Women of Influence: Kelly Stoetzel
In our Women of Influence series, meet three extraordinary leaders whose keen instincts and bold ideas have shaped the way we dress, how we connect, and what we talk about.
By Meredith Lepore
Photo Credit: Marcus Mam
TALENT SPOTTER: Kelly Stoetzel
Director of TED Content
Mind-blowing ideas: If you've got one, Kelly Stoetzel wants to meet you. Stoetzel, 44, is the director of content for TED, the biannual four-day conference that under her purview has become a coveted stage for intellectuals, leaders, and pretty much anyone else with a winning spiel. It's Stoetzel's job to populate the TED lineup with speakers so arresting and concepts so disarming that you'll put down the remote control or quit surfing the Web to do nothing else but listen. "We aren't necessarily looking for someone who is slick," Stoetzel says. "We really look for people who have a new lens on an existing idea and can communicate it clearly and with passion."
Thanks to her uncanny ability for spotting talent, Stoetzel has become a star-maker in the conference world. In 2006, she invited British educator Sir Ken Robinson, relatively unknown outside education circles, to give a TED talk. His fascinating speech on why schools kill creativity is now the most-watched TED talk ever delivered, with some 15 million page views. She also coaxed Eat, Pray, Love author Elizabeth Gilbert to the stage for a talk on creativity that has logged nearly 5 million views.
Born and raised in Dallas, Stoetzel attended her first TED talk when she was 31. She confesses that she can't even remember who it was, but the heady experience of circulating among TED's eclectic audience of big-thinkers and high-minded doers hooked her. At the time, Stoetzel was a saleswoman of contemporary art; by her own admission, she wasn't great at the gig. TED became her side passion. Then, in 2003, Stoetzel heard Dr. Sherwin Nuland, a surgeon who had suffered from crippling depression, deliver a heartbreaking and exquisite account of his electroshock therapy. She would never be the same. "I was moved to tears," she says. "It's something I left with and thought about for a long time afterward."
So moved by that talk and the whole conference, in fact, that she quit her job and persuaded TED owner Chris Anderson to hire her. At that point, TED was still a smallish, private conference for people in the know (and with deep pocketspasses to a conference now run at $7,500). Stoetzel was one of three people working on booking speakers. But she proved a relentless wrangler of talent, cajoling Jane Goodall, musician Reggie Watts, author Susan Cain, and pastor Rick Warren to the stage.
You don't have to be a celebrity to score a spot at TED, Stoetzel assures. Once she has a lead on a potential candidate, she vets them through a rigorous interview process. "Often, when they're telling you their story, and telling you about the work they do, there will be a moment in the conversation when they really light up. And if there is, then that's the thing the talk is about," she says. TED talks last at most 18 minutes, and many have become viral sensations. Under Stoetzel's watch, TED has garnered more than a billion page views and has become a model for copycat "big ideas" conferences around the globe. "TED was a once-a-year conference when I started," she says. "Now it's a movement."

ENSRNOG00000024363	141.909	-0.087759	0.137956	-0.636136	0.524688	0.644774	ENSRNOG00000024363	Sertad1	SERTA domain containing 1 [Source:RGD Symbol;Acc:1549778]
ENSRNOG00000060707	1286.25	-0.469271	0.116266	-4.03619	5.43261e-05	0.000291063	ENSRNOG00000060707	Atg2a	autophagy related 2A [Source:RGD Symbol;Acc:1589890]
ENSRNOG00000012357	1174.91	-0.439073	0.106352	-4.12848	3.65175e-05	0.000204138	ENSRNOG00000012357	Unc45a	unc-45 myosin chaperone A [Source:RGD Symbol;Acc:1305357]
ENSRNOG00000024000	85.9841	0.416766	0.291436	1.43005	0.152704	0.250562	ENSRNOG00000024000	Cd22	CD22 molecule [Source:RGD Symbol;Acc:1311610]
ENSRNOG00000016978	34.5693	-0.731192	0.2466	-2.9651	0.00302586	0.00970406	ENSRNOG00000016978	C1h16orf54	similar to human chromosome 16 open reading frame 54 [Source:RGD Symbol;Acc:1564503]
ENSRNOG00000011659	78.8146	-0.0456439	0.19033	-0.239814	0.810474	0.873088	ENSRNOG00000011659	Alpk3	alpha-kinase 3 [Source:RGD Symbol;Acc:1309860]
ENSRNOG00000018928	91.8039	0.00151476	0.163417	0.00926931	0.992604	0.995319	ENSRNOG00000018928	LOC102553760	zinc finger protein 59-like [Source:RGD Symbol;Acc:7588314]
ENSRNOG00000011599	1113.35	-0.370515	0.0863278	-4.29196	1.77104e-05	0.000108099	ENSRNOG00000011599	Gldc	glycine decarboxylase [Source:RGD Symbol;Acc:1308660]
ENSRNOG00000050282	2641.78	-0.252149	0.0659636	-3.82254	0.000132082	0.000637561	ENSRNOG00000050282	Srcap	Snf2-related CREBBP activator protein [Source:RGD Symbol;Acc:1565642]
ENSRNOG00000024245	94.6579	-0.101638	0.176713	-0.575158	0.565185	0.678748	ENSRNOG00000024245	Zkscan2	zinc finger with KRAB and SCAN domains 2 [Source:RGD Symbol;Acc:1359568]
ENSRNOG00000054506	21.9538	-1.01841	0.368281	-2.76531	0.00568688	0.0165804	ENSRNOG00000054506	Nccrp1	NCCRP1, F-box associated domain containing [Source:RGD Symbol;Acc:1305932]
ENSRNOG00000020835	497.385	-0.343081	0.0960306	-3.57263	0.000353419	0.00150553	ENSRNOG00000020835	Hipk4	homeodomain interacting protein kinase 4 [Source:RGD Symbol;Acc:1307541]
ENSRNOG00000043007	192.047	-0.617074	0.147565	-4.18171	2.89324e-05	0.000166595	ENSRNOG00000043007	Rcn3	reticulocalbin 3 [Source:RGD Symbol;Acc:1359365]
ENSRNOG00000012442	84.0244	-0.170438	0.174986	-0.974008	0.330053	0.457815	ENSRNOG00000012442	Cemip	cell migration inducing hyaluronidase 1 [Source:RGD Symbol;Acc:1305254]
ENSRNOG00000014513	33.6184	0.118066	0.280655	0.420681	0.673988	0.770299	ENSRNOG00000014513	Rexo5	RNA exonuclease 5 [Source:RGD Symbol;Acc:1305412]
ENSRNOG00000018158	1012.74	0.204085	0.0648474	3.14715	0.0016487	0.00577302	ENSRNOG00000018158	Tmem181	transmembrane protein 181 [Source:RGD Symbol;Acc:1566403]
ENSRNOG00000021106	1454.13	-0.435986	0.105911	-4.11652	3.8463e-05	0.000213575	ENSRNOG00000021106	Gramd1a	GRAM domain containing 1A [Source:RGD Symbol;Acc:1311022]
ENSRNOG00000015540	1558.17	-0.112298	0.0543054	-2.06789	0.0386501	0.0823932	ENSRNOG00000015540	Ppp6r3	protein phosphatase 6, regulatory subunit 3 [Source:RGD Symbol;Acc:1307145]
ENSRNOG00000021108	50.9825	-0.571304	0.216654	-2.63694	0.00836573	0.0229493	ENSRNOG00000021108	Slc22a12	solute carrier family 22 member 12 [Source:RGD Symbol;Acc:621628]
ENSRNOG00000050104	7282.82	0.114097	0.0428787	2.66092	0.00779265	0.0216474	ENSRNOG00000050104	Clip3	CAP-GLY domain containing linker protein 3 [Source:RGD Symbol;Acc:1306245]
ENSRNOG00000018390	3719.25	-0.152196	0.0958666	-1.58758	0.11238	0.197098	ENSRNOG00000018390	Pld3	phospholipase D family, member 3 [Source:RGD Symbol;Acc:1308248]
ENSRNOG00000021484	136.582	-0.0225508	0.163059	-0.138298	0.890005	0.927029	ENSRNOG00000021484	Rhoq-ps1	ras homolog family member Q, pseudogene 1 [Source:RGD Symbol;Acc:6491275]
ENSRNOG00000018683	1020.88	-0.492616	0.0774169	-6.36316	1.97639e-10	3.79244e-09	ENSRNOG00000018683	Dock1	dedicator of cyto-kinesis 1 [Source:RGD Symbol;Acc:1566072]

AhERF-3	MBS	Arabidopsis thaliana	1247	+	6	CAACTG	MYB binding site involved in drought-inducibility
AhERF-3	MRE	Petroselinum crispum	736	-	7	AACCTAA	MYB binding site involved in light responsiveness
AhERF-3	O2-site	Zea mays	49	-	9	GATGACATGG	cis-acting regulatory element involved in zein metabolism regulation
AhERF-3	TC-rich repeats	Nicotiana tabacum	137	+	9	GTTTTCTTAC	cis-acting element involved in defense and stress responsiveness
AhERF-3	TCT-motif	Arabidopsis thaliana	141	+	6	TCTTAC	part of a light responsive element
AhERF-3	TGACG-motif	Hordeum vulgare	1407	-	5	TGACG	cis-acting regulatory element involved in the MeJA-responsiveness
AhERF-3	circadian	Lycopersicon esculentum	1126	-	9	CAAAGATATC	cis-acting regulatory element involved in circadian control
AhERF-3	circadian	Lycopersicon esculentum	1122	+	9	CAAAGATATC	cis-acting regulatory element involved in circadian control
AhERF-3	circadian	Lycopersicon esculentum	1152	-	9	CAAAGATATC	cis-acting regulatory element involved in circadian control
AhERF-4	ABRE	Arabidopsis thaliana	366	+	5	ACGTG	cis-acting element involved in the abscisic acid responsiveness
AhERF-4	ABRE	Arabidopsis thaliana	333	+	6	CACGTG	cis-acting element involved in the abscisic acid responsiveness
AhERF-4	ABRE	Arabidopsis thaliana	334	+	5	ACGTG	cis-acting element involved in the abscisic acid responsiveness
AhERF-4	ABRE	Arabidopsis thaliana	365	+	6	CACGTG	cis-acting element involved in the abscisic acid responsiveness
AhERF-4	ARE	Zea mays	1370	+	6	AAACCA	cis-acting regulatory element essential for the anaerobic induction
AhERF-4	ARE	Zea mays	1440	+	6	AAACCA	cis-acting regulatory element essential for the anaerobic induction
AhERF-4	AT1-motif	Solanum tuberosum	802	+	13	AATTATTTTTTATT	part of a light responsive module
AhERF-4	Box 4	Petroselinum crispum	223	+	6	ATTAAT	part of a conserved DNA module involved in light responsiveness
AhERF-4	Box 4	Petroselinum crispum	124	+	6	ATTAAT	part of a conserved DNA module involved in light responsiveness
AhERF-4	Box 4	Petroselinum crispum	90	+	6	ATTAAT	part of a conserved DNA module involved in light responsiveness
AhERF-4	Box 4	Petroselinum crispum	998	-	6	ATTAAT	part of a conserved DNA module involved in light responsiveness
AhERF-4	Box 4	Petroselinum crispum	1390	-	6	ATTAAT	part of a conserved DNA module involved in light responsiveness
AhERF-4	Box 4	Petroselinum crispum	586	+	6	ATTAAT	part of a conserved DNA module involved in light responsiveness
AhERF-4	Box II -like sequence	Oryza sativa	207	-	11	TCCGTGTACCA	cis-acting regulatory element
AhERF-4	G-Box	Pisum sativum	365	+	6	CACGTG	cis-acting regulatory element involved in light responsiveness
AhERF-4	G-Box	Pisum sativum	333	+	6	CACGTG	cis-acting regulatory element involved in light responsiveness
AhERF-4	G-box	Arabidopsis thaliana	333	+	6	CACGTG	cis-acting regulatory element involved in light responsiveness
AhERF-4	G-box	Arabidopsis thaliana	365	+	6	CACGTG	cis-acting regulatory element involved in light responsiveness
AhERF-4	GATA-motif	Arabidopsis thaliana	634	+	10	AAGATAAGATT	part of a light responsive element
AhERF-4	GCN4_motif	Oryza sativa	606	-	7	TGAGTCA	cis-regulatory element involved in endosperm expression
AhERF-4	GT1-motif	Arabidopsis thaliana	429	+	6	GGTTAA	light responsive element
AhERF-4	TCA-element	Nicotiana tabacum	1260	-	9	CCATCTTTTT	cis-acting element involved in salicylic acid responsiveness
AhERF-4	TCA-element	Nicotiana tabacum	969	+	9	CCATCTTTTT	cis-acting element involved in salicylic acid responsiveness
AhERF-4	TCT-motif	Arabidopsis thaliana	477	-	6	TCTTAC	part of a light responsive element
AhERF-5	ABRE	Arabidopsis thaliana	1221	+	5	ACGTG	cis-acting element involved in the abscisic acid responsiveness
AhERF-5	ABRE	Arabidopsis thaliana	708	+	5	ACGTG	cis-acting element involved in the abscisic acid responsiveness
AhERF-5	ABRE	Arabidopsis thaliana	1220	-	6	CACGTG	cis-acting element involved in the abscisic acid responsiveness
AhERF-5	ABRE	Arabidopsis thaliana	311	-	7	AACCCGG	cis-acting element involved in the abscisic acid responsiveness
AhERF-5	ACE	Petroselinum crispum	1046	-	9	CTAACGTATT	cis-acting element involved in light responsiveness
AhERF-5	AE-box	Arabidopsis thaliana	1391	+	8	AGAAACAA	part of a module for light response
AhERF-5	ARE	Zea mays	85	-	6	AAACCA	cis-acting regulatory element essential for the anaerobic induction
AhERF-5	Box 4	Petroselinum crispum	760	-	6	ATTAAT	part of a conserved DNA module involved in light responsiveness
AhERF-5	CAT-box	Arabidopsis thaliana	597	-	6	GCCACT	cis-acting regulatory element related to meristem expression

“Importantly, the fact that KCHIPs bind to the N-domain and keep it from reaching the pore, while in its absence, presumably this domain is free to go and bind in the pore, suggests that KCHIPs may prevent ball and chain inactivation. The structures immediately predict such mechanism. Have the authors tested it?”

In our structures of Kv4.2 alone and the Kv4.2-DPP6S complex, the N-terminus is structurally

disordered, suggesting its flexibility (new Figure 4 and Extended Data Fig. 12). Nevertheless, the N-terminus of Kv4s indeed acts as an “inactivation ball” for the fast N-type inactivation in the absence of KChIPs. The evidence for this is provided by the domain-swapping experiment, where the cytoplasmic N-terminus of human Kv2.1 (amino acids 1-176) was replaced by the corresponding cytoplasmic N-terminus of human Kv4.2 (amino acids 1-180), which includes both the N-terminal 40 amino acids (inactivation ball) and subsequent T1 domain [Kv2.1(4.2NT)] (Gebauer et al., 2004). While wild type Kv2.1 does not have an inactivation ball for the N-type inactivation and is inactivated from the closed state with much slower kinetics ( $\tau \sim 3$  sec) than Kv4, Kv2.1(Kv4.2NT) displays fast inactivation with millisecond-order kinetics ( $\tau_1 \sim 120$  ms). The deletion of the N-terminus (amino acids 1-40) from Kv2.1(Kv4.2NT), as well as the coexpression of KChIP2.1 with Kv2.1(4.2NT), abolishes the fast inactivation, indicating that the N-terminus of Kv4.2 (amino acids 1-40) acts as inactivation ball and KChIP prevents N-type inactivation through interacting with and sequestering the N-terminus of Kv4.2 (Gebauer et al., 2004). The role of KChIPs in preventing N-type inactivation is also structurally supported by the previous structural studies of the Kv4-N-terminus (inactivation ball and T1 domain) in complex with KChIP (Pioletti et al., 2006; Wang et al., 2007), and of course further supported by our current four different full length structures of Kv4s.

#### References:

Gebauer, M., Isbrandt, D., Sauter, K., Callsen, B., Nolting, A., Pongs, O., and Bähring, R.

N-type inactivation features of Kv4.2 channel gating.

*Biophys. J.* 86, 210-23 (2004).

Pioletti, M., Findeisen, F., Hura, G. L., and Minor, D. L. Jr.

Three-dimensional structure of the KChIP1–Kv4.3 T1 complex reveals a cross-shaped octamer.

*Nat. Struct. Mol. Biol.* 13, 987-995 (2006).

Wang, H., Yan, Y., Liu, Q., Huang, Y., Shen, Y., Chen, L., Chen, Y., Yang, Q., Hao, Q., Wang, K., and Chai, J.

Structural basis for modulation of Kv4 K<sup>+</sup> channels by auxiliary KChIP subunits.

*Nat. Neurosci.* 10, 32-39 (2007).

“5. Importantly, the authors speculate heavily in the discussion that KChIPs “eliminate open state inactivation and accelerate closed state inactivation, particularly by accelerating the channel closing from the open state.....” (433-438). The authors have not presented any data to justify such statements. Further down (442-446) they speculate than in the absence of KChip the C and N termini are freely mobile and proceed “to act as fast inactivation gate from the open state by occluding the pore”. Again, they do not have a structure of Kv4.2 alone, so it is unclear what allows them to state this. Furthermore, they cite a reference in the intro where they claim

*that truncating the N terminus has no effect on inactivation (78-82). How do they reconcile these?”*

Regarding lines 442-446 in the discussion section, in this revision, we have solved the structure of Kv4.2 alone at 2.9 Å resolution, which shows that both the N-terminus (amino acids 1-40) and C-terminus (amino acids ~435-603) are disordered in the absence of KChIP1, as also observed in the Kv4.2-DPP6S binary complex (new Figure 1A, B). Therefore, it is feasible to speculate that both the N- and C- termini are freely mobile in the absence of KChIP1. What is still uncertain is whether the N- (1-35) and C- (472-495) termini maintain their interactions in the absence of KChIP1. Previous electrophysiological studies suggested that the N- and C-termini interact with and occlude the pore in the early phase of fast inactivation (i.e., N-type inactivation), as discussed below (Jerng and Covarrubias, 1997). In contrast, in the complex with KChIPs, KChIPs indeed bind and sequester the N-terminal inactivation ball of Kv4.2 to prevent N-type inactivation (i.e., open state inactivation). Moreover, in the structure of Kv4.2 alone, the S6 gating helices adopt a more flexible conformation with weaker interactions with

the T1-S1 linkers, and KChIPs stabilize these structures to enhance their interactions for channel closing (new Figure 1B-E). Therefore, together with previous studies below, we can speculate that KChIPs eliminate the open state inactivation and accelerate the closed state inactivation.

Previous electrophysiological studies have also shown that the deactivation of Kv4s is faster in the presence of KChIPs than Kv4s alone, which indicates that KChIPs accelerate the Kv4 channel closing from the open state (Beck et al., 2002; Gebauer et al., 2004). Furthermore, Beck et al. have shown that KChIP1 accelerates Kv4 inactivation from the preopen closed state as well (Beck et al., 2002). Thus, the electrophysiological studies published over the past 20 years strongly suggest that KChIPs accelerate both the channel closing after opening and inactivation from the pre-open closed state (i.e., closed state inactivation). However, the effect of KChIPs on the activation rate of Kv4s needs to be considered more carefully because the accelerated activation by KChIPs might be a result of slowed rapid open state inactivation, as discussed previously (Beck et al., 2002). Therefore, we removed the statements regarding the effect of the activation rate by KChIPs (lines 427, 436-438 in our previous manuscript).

Stoetzel, who lives in rural Pennsylvania with her 9-year-old daughter and husband, an artist, commutes five hours total to TED's New York offices some three times a week. "Those days are the hardest because I don't get home until 10 p.m.," she says. "But on the days I'm home, I try to shut down by 6:30 so I can help with homework and make dinner." Once she puts her daughter to bed, she's back at work, tackling a daunting reading list of magazines, scientific journals, blogs, and opinion sites. "TED speakers come from all over the place. These are not necessarily the people out schmoozing over drinks," she explains.
To cast the lineup for the most recent TED conference, in Long Beach, California, this past February, Stoetzel traveled to 14 different countriesincluding South Africa, Qatar, and Chinaover three months to scout talent. Among those selected: Daniel Reisel, a London researcher who spoke about the neuroscience behind evil, and Ron Finley, a self-described "renegade gardener" from South Central L.A. She also oversees brand extensions like TEDActive, an event which streams live talks to theaters in other cities, and TED-Ed, a Web channel devoted to TED talks for younger audiences. "I never have a day when I can kick back," Stoetzel says. "But I do what I love. And it's led me to some incredible opportunities."
How to Land a Spot at TED
CULTIVATE YOUR SPEAKING SKILLS AND AN ULTRA-ORIGINAL CONCEPT: "We aren't necessarily looking for someone who is slick," says Stoetzel. "We look for people who have a new lens on an existing idea and communicate it clearly and with passion."
FOCUS ON A TOPIC YOU CARE DEEPLY ABOUT: "Often, when [potential speakers are] telling you their story, and telling you about the work they do, there will be a moment in the conversation when they really light up. That's the thing the talk is about."
FIND THE THING THAT YOU AND ONLY YOU CAN EXPLORE: The lineup at February's TED talk, whose theme was "The Young. The Wise. The Undiscovered," included a researcher who specializes in the science behind evil and a "renegade gardener" from South Central L.A. The next TED conference is slated for June 1014, in Edinburgh, Scotland. Apply online at ted.com.